Eventually, more than 800 lawsuits against Mentor, which is now owned by Johnson & Johnson, were consolidated as part of a multi-district litigation (MDL) proceeding here in Georgia. One of the first cases from this MDL to go to trial involved a woman named Teresa Taylor. She specifically accused Mentor of design defects in ObTape.

In April 2018, the Georgia Court of Appeals ordered a new trial in a medical malpractice lawsuit, Evans v. Rockdale Hospital, LLC, after the jury in the original trial determined a defendant was partially at fault for medical malpractice, yet awarded zero damages for the victim’s pain and suffering. The Court of Appeals found this award “clearly inadequate” under the circumstances, especially since the same jury awarded over $1 million in damages for medical expenses. The Supreme Court of Georgia recently weighed on this same case and determined the Court of Appeals overstepped its authority in ordering a new trial.

Rockdale Hospital, LLC. v. Evans

To briefly review the facts of this case, a 60-year-old woman went to the emergency room of the defendant’s hospital, complaining of a severe headache, high blood pressure, nausea, and vomiting. The hospital staff discharged the woman without identifying any specific cause of her symptoms. Later, doctors at another hospital determined the woman had “suffered several strokes as a result of a ruptured brain aneurysm.” Even following multiple surgeries, the woman remains “permanently and totally disabled.”

On November 19, 2016, a dock attached to a ferry terminal in Savannah collapsed, sending more than 60 people into the water, according to news reports at the time. A number of these people sustained serious injuries, and a Savannah firefighter died after suffering a dissecting aneurysm while participating in rescue activities.

Chatham Area Transit v. Brantley

As you might expect, there was a substantial legal fallout to the deck collapse. Several victims filed personal injury lawsuits against both the City of Savannah and Chatham Area Transit (CAT), which owned the dock. In early 2018, the City moved to dismiss the lawsuits, arguing it was protected by both sovereign immunity and Georgia’s Recreational Property Act (RPA). CAT subsequently argued it was also protected from suit under the RPA.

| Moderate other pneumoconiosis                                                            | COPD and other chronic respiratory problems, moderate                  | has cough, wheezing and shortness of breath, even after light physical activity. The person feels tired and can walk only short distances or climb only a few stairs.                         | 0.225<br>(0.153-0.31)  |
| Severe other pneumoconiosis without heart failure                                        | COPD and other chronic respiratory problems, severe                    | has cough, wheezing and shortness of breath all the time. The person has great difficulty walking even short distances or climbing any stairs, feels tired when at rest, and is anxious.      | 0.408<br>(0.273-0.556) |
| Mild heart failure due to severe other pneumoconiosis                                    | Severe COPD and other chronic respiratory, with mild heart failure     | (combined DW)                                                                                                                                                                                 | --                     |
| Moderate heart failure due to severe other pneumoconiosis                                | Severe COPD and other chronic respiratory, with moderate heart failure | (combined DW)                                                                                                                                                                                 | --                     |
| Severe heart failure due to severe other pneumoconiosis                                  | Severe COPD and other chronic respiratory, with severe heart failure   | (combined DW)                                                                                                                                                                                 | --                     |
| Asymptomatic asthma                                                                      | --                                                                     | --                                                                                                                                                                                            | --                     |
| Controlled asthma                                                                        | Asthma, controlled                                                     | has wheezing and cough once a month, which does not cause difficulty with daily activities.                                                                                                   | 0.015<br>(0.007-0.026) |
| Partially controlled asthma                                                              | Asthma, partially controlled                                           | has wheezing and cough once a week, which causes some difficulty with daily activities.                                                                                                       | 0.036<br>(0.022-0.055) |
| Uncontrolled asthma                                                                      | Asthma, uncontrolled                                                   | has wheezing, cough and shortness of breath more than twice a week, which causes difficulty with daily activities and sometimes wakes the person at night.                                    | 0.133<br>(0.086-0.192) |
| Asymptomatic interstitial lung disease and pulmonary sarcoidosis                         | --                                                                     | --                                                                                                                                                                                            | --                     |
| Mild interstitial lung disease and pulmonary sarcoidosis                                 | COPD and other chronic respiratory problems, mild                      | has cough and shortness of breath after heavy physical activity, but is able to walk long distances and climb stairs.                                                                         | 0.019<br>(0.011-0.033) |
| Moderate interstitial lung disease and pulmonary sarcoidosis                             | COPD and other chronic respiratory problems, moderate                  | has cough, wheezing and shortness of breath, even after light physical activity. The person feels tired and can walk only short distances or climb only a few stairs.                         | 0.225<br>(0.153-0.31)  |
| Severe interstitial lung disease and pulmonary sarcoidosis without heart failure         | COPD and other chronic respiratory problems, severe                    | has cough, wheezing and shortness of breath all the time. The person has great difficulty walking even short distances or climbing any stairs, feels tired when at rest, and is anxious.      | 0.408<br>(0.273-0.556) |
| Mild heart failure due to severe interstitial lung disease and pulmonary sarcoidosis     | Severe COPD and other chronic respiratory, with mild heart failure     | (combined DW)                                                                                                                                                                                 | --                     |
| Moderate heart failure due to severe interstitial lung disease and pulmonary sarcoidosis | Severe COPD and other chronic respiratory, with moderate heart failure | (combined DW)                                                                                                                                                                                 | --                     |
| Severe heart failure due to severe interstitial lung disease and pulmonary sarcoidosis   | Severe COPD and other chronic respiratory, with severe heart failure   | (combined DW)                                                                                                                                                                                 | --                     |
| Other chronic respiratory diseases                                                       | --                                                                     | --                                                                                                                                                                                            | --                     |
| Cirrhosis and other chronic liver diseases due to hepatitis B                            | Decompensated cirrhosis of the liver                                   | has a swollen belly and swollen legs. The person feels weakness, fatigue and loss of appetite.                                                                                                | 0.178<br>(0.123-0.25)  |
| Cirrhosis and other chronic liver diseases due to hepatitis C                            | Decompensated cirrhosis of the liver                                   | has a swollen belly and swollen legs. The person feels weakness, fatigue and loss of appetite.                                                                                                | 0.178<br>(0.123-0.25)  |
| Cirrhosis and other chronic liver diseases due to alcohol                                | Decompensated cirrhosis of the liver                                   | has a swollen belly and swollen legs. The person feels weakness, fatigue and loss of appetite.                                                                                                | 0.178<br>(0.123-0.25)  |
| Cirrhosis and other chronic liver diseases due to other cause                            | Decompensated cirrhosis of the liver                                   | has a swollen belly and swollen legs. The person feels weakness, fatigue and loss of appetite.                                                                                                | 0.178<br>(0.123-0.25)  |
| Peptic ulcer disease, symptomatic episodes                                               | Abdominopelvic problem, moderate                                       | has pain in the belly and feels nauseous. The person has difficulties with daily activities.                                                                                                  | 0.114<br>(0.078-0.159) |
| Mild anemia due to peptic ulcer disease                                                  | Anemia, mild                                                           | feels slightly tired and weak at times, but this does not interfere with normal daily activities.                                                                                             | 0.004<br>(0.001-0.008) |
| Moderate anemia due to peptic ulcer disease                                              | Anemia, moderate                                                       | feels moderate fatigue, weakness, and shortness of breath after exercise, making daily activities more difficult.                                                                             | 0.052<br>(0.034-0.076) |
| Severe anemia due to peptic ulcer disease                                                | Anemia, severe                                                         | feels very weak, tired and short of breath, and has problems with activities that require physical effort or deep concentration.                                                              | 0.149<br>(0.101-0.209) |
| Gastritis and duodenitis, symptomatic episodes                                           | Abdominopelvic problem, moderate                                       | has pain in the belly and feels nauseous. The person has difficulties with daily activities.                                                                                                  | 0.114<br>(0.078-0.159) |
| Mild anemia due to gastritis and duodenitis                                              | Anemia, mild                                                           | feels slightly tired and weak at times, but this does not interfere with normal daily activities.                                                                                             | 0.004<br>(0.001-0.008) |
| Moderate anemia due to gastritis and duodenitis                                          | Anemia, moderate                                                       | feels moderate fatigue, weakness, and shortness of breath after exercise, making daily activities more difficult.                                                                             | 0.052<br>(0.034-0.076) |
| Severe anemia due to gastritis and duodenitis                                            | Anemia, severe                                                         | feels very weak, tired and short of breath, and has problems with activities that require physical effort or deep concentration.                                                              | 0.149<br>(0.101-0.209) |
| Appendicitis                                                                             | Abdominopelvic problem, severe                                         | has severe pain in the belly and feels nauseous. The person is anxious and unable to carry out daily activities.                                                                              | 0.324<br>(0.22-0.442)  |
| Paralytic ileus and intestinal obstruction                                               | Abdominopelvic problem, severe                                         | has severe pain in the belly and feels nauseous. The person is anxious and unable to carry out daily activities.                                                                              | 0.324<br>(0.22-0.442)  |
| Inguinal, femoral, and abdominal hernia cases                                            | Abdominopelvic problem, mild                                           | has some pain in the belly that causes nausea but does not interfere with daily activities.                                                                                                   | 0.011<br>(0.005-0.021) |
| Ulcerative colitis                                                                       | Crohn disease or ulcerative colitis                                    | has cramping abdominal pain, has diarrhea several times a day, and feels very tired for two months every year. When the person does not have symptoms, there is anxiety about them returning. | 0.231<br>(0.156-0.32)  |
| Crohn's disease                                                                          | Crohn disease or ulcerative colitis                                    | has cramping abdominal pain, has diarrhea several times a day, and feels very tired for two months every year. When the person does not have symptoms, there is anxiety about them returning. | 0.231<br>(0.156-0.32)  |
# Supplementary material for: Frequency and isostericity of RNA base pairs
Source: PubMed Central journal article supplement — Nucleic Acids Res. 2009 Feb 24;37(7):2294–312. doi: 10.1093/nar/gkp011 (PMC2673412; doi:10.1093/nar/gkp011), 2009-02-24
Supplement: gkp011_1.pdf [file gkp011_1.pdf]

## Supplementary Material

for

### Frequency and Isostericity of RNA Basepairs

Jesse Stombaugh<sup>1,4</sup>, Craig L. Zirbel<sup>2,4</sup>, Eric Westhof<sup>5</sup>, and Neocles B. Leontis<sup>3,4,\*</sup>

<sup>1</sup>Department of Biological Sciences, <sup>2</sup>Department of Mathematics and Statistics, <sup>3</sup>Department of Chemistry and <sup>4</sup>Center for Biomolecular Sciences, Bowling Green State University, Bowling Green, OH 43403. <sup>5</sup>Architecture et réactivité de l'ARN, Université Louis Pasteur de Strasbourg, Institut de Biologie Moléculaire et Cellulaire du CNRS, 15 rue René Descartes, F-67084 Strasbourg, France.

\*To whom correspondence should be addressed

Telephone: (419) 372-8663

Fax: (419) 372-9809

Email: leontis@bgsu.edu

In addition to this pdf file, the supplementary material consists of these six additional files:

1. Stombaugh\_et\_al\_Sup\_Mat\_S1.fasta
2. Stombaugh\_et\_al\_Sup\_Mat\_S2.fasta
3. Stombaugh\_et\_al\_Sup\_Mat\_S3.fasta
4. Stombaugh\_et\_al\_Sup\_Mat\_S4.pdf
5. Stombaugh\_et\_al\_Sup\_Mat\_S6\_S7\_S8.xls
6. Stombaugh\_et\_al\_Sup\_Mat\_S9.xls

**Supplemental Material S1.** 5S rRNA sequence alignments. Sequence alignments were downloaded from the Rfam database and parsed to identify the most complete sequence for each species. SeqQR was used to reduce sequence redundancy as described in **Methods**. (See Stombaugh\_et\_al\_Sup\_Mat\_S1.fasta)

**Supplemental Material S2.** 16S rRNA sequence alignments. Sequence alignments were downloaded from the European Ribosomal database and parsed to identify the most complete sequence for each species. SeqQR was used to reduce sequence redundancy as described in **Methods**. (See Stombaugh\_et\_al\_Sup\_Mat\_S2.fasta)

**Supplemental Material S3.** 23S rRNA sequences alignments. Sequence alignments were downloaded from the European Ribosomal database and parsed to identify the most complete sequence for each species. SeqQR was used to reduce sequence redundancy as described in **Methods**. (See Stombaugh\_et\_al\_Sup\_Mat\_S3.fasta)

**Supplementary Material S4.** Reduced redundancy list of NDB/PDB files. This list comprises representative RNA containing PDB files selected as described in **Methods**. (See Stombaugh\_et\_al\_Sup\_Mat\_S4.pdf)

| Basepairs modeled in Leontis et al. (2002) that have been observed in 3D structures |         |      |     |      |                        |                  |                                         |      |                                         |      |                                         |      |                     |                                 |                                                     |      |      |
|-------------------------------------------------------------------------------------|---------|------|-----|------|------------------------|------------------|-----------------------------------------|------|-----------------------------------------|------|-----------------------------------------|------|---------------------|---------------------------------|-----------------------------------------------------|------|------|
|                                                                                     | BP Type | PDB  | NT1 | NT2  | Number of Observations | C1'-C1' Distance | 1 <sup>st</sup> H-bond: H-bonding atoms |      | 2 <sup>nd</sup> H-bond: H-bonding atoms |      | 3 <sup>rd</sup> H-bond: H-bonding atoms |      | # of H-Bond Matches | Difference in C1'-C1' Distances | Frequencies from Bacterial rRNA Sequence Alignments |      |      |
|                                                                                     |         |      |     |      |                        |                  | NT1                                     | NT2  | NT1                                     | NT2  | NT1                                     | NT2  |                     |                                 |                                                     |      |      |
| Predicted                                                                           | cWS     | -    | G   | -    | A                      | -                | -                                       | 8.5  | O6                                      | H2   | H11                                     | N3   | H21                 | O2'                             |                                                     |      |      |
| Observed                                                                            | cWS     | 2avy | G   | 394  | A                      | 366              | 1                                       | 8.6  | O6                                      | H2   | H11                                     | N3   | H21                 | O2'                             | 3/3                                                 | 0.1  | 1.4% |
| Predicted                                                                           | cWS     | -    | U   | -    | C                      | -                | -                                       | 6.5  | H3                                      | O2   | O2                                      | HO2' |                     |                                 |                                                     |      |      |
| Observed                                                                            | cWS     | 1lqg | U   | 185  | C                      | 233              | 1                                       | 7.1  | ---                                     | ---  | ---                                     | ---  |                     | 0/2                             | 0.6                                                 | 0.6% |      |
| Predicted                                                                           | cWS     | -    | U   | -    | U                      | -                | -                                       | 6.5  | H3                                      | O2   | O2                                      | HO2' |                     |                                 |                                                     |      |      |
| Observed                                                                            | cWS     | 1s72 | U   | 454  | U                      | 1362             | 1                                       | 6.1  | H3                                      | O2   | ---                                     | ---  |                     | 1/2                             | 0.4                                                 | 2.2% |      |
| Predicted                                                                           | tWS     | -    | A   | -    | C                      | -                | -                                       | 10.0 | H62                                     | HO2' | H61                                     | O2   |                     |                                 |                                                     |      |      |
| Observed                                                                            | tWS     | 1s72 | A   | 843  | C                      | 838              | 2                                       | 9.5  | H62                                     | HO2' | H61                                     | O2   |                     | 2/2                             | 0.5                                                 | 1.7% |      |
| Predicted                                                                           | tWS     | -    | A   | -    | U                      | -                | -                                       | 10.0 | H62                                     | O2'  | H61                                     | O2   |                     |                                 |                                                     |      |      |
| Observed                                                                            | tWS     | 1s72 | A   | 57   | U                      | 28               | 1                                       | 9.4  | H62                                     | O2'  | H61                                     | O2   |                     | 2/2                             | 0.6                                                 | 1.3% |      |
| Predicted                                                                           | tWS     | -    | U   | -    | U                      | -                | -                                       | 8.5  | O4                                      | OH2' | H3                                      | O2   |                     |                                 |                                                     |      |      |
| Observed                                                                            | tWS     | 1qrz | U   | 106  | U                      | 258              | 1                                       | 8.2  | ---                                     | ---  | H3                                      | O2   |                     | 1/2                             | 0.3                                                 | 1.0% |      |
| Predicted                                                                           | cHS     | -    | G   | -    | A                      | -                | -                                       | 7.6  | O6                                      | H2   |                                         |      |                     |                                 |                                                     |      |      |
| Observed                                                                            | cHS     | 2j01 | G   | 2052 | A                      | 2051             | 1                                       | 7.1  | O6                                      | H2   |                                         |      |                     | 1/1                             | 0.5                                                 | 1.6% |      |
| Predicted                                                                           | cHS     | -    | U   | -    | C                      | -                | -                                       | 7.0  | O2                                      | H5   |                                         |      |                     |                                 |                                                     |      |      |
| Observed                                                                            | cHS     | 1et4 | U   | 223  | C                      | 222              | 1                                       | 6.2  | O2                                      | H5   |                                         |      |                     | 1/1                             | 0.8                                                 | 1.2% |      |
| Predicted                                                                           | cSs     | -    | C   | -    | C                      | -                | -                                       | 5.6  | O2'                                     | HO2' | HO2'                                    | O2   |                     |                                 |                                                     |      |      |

In most cases, damages arising from a car accident are covered by the negligent driver’s auto insurance policy. But what if the accident occurred while the car was still in the owner’s driveway? Would homeowner’s insurance actually cover such damages?

Wilkinson v. Georgia Farm Bureau Mutual Insurance Company

The Georgia Court of Appeals recently addressed these questions in Wilkinson v. Georgia Farm Bureau Mutual Insurance Company. This case began when a man named Buchanan purchased a used Ford F350 truck. One of Buchanan’s co-workers, a man named Wilkinson, asked to take a look at the truck. Wilkinson and his wife subsequently went to Buchanan’s house.

Following a serious auto accident, many victims are surprised to learn their medical providers may place a lien against any potential personal injury lawsuit they might file in connection with their injuries. Such “hospital liens” are permitted under Georgia law. There are limits to how far hospitals can go with such liens, as illustrated by a recent decision from the Georgia Court of Appeals.

Clouthier v. Medical Center of Georgia, Inc.

In Clouthier v. Medical Center of Georgia, Inc., the plaintiff sued the hospital that treated him following an accident for fraud and negligent misrepresentation. According to the lawsuit, the plaintiff was “injured in a tractor-trailer collision in August 2016.” He was taken by ambulance from the accident scene to the defendant’s hospital.

When you file a personal injury lawsuit against a negligent driving following an auto accident, in most cases this means you are really seeking compensation from the driver’s insurance company. Unfortunately, insurance companies are quite adept at asserting their own legal rights. This includes taking legal action to void a policy if they believe the policy holder–i.e., the negligent driver–did not strict comply with its terms.

American Family Insurance Company v. Almassud

A recent case before a federal judge in Atlanta, American Family Insurance Company v. Almassud, offers a cautionary example. This case involves a 2012 accident in Cumming, Georgia. The defendant was driving his Jeep. According to court records, the Jeep “veered into oncoming traffic and struck a vehicle driven” driven by a woman who sustained serious injuries.